Brand and Anti-Brand Management

Although brand management can be considered to be “nothing but the art of creating and sustaining the brand,” Jones and Huang note that, “unlike traditional consumer-created brand communities where the brands appear to occupy minimal presence, online brand communities are increasingly hosted by the brands.”

Building upon Schau et al.’s research into collective value creation within brand communities, Jones and Huang found that “Social media as an interactive technology both enables and becomes a site of value creation for the individual consumers, the brand community and the brand itself.”

Unlike user-generated brand communities, where brands are often unwelcomed, these online brand communities “revealed that brand content contributions on their brand offerings and interactions with consumers’ content contributions were appreciated by the community." “These consumer-brand interactions, functional and otherwise, fostered emotional bonding between the members and brands—because the brand has become individual and approachable, and the boundaries between consumer and brand interactions have somewhat blurred,” Jones and Huang conclude.

Jones and Huang list six different types of avenues that can be exploited by brands, including178:

  1. Branded social networks: These are customized platforms for interacting with consumers. They often include a fusion of applications, such as discussion forums or wikis.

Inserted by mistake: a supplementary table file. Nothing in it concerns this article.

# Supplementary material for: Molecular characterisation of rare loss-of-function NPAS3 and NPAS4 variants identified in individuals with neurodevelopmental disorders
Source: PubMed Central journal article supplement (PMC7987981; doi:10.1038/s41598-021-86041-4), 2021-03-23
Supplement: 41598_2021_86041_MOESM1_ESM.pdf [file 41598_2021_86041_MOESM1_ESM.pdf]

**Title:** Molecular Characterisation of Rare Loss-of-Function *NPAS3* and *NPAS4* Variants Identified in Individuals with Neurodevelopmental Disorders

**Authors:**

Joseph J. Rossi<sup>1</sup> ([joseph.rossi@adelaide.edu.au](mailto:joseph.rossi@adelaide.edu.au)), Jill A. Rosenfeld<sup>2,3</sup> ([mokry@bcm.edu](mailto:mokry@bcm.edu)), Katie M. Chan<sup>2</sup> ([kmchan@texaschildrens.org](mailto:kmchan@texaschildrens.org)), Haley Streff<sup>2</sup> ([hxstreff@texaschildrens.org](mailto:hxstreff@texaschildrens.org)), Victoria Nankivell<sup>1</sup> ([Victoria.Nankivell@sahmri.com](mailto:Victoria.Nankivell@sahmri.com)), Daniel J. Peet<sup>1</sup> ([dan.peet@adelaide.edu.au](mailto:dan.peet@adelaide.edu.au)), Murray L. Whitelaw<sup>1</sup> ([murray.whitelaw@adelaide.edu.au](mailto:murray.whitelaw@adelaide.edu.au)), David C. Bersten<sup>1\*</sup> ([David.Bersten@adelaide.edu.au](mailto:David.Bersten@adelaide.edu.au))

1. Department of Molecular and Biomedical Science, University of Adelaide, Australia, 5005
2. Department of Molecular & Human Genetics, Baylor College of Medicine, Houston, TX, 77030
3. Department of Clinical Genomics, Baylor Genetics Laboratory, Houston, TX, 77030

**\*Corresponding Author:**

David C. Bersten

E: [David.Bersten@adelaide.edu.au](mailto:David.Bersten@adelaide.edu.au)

2. External social networks: While some brands choose to create their own community websites, others just have a presence on an external social networking site, thereby taking advantage of the network’s built-in platform and audience.
  3. Innovation hubs: These are unique platforms provided by the brands for users to post their ideas to the company.
  4. Content aggregation sites: These are websites where users share media content with other users. They are Websites such as BookCrossing, Flickr, YouTube, and Slideshare and they often include brand-sponsored “channels” through which the brand distributes media content and allows users to engage with and comment upon the content.
  5. Blogs: A normal type of blog, but filled with corporate information.
  6. Micro-blogging: Brand-owned micro-blogging websites are normally used for data collection (i.e., a Twitter account that is used to track Tweets and mentions).

Brand is one thing and anti-brand is another; when it comes to anti-brand management, businesses should be well aware of the threat this unique problem entails. In his article Negative Double Jeopardy: The Role of Anti-brand Sites On the Internet[v], S. Umit Kucuk claims that anti-brand websites are today‘s “form of boycott and protest, developed through consumer activism as a result of increasing consumer power.” According to Kucuk and Krishnamurthy because of the advent of the Internet, “Consumers are able to clearly broadcast their messages and organize with other like-minded consumers,” which allows them to use “anti-brand websites as weapons of empowerment to battle the corporate world and its brand power on a day-to-day basis.”180

It doesn’t take much to set up a website these days and as Kucuk explains, “the corporation has a website and so does the consumer.”180 Anti-brand sites are “attacking targeted brands and corporations by using their most powerful online branding tool against them: ‘domain names’. Many such anti-brand domain names are easy to remember and catchy in nature (such as Northwest Airlines’ Northworstair.org, Safeway’s Shameway.com, Starbucks’ Starbucked.com, Coca-Cola’s Killercoke.org, etc.).”180 Kucuk notes that, “Anti-brand sites purposefully use the targeted corporation’s brand name in their domain name to insult the corporation’s brand identity and to express their anger and frustration while entertaining and educating consumers and audiences” alike.180